This book examines the strategies pursued by the Colonies and the other combatants in the American War for Independence, placing the conflict in its proper global context.
Many do not realize the extent to which the 1775 colonial rebellion against British rule escalated into a global conflict. Collectively, this volume examines the strategies pursued by the American Colonies, Great Britain, France, Spain, and Holland, and the League of Armed Neutrality, placing the military, naval, and diplomatic elements of the struggle in their proper global context. Moreover, assessing how each nation prosecuted their respective wars provides lessons for current students of strategic studies and military and naval history.
This book will be of great interest to students of strategic studies, American history, Military History and political science in general.
Donald Stoker is Professor of Strategy and Policy for the US Naval War College's Monterey Program in Monterey, California. He joined the Strategy and Policy faculty in 1999 and has taught both in Monterey and Newport.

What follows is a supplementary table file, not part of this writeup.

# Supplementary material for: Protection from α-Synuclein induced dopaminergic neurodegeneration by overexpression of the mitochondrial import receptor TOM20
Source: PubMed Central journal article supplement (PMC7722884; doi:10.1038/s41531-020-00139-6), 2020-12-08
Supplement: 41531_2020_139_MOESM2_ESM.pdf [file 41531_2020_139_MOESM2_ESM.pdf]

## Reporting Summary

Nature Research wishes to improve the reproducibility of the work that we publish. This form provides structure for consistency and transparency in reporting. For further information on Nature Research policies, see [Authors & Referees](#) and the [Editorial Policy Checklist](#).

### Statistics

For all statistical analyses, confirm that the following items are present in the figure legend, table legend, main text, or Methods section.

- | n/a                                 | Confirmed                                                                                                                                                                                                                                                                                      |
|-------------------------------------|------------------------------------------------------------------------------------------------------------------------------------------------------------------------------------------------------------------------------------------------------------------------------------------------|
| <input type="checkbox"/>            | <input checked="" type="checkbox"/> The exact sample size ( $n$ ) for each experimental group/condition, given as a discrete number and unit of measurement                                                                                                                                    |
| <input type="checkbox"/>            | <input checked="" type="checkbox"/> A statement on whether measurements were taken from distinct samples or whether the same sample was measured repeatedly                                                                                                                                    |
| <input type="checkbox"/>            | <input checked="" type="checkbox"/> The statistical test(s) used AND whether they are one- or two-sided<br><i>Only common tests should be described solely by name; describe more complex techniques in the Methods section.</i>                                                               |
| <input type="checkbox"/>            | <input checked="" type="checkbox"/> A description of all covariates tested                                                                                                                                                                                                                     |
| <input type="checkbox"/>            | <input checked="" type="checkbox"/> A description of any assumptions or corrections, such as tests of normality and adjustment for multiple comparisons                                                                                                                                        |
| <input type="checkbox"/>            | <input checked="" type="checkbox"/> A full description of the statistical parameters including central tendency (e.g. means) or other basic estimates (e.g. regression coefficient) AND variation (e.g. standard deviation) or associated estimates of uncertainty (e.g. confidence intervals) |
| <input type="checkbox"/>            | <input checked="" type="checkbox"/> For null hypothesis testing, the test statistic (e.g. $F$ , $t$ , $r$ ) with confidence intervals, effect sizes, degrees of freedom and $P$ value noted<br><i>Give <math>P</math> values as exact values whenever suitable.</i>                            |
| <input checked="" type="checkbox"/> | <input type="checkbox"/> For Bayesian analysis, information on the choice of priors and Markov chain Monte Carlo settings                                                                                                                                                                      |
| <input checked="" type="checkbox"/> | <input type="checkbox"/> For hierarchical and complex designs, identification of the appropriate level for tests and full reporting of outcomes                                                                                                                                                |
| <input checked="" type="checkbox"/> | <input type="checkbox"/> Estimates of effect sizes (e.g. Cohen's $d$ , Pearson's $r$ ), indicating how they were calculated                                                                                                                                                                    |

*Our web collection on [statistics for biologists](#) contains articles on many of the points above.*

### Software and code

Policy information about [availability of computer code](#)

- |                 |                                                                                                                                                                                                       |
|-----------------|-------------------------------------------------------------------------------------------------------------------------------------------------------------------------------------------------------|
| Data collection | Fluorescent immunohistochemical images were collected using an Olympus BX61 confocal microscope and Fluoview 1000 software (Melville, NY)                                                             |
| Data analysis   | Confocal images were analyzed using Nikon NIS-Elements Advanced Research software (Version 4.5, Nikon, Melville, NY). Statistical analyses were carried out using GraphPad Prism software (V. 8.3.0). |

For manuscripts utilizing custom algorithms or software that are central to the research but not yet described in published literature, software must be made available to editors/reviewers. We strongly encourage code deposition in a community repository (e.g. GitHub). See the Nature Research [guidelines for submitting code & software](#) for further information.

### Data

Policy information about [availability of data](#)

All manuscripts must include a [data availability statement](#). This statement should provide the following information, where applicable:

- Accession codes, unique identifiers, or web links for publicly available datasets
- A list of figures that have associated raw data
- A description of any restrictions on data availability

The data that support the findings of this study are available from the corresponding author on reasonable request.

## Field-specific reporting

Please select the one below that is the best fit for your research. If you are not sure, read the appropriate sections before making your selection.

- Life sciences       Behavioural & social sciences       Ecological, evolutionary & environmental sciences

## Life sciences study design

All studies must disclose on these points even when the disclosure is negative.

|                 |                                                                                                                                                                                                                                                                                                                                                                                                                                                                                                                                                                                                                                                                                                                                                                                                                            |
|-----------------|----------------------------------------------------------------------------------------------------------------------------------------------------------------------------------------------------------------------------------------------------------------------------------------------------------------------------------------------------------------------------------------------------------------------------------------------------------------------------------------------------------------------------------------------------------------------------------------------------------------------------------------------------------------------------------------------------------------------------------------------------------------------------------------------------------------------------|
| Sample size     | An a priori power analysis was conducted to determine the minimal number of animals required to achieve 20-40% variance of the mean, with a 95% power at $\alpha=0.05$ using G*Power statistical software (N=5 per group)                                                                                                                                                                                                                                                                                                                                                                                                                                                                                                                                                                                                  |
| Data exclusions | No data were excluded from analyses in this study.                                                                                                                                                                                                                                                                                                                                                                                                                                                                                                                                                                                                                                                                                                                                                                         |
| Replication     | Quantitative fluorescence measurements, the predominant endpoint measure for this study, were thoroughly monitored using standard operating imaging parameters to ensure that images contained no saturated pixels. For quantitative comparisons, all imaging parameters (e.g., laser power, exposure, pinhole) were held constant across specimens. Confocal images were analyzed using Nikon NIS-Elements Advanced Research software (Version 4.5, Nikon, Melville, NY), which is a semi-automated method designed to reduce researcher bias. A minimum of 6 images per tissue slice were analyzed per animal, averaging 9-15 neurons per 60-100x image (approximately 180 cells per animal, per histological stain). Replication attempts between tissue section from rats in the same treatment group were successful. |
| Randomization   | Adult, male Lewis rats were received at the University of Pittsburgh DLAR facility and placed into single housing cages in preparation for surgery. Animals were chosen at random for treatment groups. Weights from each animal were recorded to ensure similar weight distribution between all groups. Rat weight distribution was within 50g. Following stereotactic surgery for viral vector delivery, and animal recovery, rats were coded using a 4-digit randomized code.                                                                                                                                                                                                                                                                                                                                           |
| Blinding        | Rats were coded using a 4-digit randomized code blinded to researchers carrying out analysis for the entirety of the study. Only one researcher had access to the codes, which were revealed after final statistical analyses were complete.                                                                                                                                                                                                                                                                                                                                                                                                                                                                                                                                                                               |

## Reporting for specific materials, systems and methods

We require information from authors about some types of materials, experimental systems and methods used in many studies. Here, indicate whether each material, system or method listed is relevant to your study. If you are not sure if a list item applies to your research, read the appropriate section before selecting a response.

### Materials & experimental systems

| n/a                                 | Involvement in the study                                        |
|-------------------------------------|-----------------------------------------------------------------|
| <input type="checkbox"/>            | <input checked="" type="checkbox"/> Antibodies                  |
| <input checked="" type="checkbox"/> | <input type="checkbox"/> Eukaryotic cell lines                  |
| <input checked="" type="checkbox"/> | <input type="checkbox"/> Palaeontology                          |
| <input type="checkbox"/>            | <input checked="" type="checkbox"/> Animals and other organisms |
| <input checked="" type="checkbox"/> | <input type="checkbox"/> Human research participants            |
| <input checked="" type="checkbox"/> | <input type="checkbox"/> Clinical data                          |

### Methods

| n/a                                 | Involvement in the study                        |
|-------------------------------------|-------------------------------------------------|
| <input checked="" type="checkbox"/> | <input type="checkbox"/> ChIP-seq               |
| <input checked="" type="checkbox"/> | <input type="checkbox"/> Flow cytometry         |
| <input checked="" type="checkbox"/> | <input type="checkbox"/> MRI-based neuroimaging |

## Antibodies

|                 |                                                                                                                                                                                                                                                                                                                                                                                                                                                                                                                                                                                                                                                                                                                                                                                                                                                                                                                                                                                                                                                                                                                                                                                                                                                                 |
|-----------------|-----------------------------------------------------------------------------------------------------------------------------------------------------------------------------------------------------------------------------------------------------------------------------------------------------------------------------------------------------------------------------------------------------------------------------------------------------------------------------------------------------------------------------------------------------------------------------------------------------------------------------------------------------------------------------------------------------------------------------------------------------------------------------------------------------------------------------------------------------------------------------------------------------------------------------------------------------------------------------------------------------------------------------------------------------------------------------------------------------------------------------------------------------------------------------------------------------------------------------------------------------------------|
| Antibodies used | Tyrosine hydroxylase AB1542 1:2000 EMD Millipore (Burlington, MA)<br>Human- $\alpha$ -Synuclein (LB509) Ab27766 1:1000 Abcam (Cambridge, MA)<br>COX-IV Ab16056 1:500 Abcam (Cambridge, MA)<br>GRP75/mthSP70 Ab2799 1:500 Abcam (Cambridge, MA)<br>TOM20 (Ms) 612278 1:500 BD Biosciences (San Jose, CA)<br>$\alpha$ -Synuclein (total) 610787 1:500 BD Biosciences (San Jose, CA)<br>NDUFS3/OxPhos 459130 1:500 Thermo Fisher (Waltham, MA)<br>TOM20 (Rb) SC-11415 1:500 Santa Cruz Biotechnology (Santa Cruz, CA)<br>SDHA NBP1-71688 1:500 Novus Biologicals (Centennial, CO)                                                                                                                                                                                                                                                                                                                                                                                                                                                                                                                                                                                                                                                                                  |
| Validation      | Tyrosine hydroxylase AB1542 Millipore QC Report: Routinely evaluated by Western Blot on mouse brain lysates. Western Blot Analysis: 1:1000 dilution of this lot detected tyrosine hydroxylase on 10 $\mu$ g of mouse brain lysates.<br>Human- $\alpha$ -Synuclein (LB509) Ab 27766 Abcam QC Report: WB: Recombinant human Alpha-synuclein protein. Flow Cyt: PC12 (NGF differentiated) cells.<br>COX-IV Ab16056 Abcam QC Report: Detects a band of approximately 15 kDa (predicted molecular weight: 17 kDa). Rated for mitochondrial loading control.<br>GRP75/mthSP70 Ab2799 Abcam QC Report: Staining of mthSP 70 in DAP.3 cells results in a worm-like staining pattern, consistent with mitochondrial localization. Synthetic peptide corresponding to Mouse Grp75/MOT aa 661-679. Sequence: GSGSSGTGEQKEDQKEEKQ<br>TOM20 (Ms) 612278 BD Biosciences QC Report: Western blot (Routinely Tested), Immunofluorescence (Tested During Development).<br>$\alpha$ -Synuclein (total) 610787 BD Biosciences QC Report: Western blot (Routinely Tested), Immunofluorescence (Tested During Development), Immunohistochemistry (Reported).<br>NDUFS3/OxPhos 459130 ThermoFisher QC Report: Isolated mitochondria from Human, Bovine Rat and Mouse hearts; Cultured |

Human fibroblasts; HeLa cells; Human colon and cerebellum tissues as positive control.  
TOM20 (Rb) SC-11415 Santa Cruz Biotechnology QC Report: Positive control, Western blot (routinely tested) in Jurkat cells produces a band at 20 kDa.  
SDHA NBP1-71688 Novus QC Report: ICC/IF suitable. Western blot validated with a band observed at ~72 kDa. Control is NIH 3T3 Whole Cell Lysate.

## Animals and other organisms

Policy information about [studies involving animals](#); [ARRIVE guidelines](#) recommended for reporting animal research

Kenneth J. Hagan, Professor Emeritus, the U.S. Naval Academy, is currently Professor of Strategy and Policy for the U.S. Naval War College's Monterey Program.
Michael T. McMaster is a Professor at the U.S. Naval War College in Monterey. He is a retired U.S. Navy Commander.
Bill McSweeney addresses the central problem of international relations - security - and constructs a novel framework for its analysis. He argues for the unity of the interpersonal, societal and international levels of human behaviour and outlines a concept of security which more adequately reflects the complexity and ambiguity of the topic. This book introduces an alternative way of theorizing the international order, within which the idea of security takes on a broader range of meaning, inviting a more critical and interpretative approach to understanding the concept and formulating security policy. The recent shift to sociology in international relations theory has not as yet realized its critical potential for the study of security. Drawing on contemporary trends in social theory, Dr McSweeney argues that human agency and moral choice are inherent features of the construction of the social and thus international order, and hence of our conception of security and security policy.
Ahoy, mateys! Set sail for fun and adventure on a pirate ship full of puppies.